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Minilateralism: Weighing the Prospects for Cooperation and Governance

  • Category
    International Relations
  • Published
    6th Sep, 2021


The Colombo Security Conclave (CSC) held in early August in Colombo, Sri Lanka led to the discussion between India, Sri Lanka, and the Maldives on security cooperation across “four pillars” including maritime security, human trafficking, counterterrorism, and cybersecurity.

CSC has hinted towards the idea of ‘minilaterals’


  • The idea of minilaterals is not new: bilateralism, multilateralism and minilateralism have co-existed in global governance since 1945. 
  • Notably, the multilateral institutions that were created in the post-war era were negotiated through “disguised” minilateralism, pursued between the United States (US) and other Atlantic powers. 
  • For instance, the General Agreement on Tariffs and Trade 1947 (GATT) can be traced to bilateral or minilateral negotiations between major trading powers, which were subsequently “multilateralised” by including other countries in the discussions. 
  • Nonetheless, it was in the more recent years that there has been a steady proliferation of minilateral initiatives in the areas of trade, security, finance, and climate change.


What is Minilaterals?

  • Minilaterals (or plurilateral, as referred to in trade policy jargon) refer to informal and more targeted initiatives intended to address a “specific threat, contingency or security issue with fewer states (usually three or four) sharing the same interest for resolving it within a finite period of time.” 
  • It focuses on gathering the “critical mass” of members necessary for a specific purpose, in contrast to the broad and inclusive approach associated with multilaterals. 
    • For illustration,
      • Multilateral: the WTO would be a multilateral framework for international trade regulation
      • Minilateral: a minilateral would be the Regional Comprehensive Economic Partnership (RCEP)—a free trade agreement among Asia-Pacific countries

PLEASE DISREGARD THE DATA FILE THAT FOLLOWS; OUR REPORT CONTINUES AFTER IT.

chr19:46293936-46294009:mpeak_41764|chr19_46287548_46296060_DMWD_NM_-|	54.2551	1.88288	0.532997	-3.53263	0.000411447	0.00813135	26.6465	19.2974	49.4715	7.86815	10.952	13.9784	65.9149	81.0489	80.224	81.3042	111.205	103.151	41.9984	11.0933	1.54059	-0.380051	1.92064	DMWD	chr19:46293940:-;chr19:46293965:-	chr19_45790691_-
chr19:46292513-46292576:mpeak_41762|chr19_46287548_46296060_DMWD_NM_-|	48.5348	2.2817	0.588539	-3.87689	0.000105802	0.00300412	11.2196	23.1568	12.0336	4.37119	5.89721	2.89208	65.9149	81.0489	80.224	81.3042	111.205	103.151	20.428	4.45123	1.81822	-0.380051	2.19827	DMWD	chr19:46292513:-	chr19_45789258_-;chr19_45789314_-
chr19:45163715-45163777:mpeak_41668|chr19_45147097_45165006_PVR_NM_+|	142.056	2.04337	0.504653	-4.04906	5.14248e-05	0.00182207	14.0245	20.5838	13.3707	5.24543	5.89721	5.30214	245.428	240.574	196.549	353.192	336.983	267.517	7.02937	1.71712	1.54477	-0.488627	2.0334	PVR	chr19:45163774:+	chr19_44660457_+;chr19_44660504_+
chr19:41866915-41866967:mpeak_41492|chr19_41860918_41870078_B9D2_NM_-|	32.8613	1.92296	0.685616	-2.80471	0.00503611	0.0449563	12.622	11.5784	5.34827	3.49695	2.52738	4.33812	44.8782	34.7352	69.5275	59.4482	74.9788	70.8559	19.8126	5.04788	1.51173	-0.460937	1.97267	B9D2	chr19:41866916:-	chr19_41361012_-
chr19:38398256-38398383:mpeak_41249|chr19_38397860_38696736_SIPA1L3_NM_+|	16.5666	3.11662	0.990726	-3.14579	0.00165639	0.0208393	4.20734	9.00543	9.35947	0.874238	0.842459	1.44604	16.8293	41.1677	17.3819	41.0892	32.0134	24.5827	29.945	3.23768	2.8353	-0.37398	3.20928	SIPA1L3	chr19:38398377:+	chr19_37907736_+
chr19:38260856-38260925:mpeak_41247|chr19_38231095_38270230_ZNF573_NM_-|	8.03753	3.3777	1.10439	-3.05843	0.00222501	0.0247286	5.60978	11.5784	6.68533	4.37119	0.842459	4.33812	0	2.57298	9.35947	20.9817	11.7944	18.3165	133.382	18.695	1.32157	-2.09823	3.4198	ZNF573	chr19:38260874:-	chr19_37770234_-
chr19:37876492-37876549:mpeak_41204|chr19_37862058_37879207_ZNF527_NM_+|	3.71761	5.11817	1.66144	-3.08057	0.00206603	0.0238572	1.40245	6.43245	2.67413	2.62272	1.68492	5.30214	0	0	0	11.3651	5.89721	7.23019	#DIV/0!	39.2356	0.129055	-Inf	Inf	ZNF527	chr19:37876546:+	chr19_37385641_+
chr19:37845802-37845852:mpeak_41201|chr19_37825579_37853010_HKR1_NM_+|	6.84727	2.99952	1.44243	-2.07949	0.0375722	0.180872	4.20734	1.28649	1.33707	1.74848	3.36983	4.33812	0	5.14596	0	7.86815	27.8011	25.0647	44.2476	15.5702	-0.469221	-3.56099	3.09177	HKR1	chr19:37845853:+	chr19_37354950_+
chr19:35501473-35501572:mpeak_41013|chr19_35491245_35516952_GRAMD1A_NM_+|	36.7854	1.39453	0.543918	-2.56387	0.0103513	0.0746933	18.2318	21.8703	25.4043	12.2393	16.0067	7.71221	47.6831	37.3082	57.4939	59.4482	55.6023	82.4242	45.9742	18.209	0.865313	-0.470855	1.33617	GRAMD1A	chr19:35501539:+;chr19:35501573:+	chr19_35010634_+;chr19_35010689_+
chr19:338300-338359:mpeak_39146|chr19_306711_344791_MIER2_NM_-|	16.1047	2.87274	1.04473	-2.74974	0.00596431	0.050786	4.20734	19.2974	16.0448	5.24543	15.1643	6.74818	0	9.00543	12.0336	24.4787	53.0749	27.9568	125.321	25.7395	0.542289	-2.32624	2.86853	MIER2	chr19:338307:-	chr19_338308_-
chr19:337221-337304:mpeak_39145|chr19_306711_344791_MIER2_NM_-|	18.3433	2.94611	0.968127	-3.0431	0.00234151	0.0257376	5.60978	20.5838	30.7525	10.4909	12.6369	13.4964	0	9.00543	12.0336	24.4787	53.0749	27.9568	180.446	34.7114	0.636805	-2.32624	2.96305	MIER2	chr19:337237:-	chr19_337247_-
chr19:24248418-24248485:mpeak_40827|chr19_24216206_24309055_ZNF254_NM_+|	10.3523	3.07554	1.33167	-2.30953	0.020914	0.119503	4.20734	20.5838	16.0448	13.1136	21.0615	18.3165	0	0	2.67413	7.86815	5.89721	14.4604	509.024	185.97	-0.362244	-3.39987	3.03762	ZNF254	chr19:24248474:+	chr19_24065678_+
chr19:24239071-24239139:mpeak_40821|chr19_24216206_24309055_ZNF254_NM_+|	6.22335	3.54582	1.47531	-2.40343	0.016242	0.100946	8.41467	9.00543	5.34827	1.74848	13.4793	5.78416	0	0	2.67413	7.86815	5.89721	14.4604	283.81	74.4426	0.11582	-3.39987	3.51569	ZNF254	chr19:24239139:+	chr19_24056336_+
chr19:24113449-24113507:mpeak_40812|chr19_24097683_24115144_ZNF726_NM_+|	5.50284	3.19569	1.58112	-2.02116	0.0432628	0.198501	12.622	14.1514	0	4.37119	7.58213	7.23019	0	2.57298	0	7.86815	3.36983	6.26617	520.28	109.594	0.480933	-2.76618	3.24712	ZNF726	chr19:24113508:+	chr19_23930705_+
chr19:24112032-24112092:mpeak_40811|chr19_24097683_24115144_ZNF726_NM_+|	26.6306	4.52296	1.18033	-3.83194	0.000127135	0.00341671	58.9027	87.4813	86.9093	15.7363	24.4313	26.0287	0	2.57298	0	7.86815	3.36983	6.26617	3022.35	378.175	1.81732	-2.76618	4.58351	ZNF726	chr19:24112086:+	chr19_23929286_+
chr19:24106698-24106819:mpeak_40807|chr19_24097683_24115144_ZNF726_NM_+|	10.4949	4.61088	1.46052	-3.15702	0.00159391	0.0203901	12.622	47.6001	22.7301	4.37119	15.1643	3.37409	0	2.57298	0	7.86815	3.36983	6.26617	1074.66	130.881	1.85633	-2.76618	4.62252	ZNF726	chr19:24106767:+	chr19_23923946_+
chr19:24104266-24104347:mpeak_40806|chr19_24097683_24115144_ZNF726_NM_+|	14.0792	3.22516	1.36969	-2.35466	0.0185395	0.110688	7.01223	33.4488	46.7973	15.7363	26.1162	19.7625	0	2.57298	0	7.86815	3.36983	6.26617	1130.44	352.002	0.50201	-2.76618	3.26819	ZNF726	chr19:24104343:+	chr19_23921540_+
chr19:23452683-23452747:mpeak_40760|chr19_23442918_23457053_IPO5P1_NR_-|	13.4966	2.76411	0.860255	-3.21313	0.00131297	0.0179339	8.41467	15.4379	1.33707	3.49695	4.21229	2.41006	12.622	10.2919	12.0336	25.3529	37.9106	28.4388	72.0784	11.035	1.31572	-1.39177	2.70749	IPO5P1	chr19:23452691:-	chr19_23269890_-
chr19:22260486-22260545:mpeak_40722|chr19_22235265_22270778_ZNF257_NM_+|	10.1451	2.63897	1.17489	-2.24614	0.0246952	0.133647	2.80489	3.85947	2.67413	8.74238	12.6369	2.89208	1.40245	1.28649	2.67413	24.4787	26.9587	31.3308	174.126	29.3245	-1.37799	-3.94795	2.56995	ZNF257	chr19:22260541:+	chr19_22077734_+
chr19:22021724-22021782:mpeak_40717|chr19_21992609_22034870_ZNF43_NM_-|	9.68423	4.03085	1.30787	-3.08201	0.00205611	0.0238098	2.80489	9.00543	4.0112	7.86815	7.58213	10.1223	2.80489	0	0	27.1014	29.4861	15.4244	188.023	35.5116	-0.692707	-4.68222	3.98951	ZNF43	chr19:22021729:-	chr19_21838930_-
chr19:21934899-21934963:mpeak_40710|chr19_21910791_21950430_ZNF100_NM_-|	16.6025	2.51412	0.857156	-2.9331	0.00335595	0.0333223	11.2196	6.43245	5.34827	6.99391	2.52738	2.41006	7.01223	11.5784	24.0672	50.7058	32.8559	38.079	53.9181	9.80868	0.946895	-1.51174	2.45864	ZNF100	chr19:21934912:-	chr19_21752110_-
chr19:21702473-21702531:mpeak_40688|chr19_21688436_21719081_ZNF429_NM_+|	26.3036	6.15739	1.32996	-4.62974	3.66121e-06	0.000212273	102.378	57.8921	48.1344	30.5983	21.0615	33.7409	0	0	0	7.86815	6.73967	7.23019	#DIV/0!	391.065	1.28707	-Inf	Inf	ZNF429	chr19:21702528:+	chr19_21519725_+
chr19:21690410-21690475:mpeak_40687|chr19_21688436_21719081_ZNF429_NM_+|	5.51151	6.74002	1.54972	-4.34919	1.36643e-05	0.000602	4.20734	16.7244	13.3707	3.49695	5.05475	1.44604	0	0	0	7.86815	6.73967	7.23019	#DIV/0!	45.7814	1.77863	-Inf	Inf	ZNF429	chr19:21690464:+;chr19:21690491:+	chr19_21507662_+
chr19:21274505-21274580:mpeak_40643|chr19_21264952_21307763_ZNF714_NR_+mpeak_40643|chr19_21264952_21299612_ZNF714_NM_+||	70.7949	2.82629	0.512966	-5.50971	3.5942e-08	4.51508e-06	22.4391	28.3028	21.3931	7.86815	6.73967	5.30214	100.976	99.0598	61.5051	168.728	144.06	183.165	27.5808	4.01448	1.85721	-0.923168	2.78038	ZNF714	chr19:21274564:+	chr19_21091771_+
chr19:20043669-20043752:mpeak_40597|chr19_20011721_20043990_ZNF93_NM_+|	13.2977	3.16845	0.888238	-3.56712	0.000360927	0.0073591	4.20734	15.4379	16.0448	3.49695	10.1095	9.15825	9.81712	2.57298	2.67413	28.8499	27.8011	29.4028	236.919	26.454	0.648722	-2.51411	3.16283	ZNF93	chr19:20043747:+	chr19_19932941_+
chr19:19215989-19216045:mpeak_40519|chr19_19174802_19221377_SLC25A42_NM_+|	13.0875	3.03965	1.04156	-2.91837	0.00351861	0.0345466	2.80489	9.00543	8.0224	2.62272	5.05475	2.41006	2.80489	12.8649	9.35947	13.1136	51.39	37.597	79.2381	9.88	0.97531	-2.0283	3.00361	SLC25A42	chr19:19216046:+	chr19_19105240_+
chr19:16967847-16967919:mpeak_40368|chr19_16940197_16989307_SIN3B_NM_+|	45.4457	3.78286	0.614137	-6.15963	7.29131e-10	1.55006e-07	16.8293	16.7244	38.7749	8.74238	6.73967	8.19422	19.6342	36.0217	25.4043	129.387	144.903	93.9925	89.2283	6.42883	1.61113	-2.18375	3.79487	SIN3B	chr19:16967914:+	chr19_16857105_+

• In contrast, multilateralism is defined as a “formal effort by three or more states to build trust and avoid conflict by identifying, institutionalizing and observing rules and norms for a common vision of regional or international order.” 

What are the major features of minilaterals? 

  • Certain features are frequently associated with minilaterals:
    • they have a small number of participants
    • they are ad hoc
    • their outcomes and commitments are voluntary in nature

How minilateral cooperation is being witnessed nowadays?

  • Minilateral cooperation is being witnessed on all vital themes for international cooperation, such as climate change, economic cooperation, trade, connectivity, financial regulation, and security.
  • The growth of regional clubs for international economic cooperation are supplanting “global” multilateralism, such as:
    • European Union (EU)
    • Association of Southeast Asian Nations (ASEAN)
    • G20
    • G7

Why this concept is significant?

  • Achieving of specified goal: The creation of the smallest group necessary to achieve a particular goal.
  • Soft mechanism: It is a turn from formal treaties to non-binding accords and other soft-law mechanisms.

For regulating financial markets, regulators and countries now lean towards informal mechanisms such as the Basel Committee and the Financial Stability Board, which tend to adopt “soft law” methods.

  • Easy & simple: It is associated with ease and simplicity. 
  • Voluntary arrangement: These arrangements are voluntary, and follow a bottom-up approach.
  • Better decision making and coordination: With a smaller membership, they can expedite decision-making and facilitate policy coordination on important focus areas.

Disadvantages of multilateralism

  • Large organisations with formal institutional structure, international bureaucracies, and heterogenous membership, can face hurdles that impede prompt decision-making.
  • Too many frameworks can lead to:
    • fragmentation of action
    • dilute outcomes
    • weaken cooperation on global issues

Why shifting towards minilateralism is beneficial for India?

  • There is growing importance of strategic alliances over global cooperation. These initiatives can facilitate the creation of issue-specific partnerships between like-minded countries.
  • For instance, minilaterals can provide a forum to strengthen defence and security cooperation in new regional theatres, such as the Indo-Pacific.
  • Because of the importance of security cooperation in this region, a range of minilaterals have been created to advance the interests of like-minded countries, such as
    • the Quad
    • the India-Japan-US trilateral
    • the India-France-Australia trilateral
  • They also provide an avenue for participation of countries like India, who lack a similar decision-making capacity in forums like the UN Security Council.


The evolving global order and the changing nature of threats are posing difficult questions on the continued relevance of multilateral frameworks. Minilaterals can help in framing targeted partnerships that can focus energies on shared interests and concerns. 


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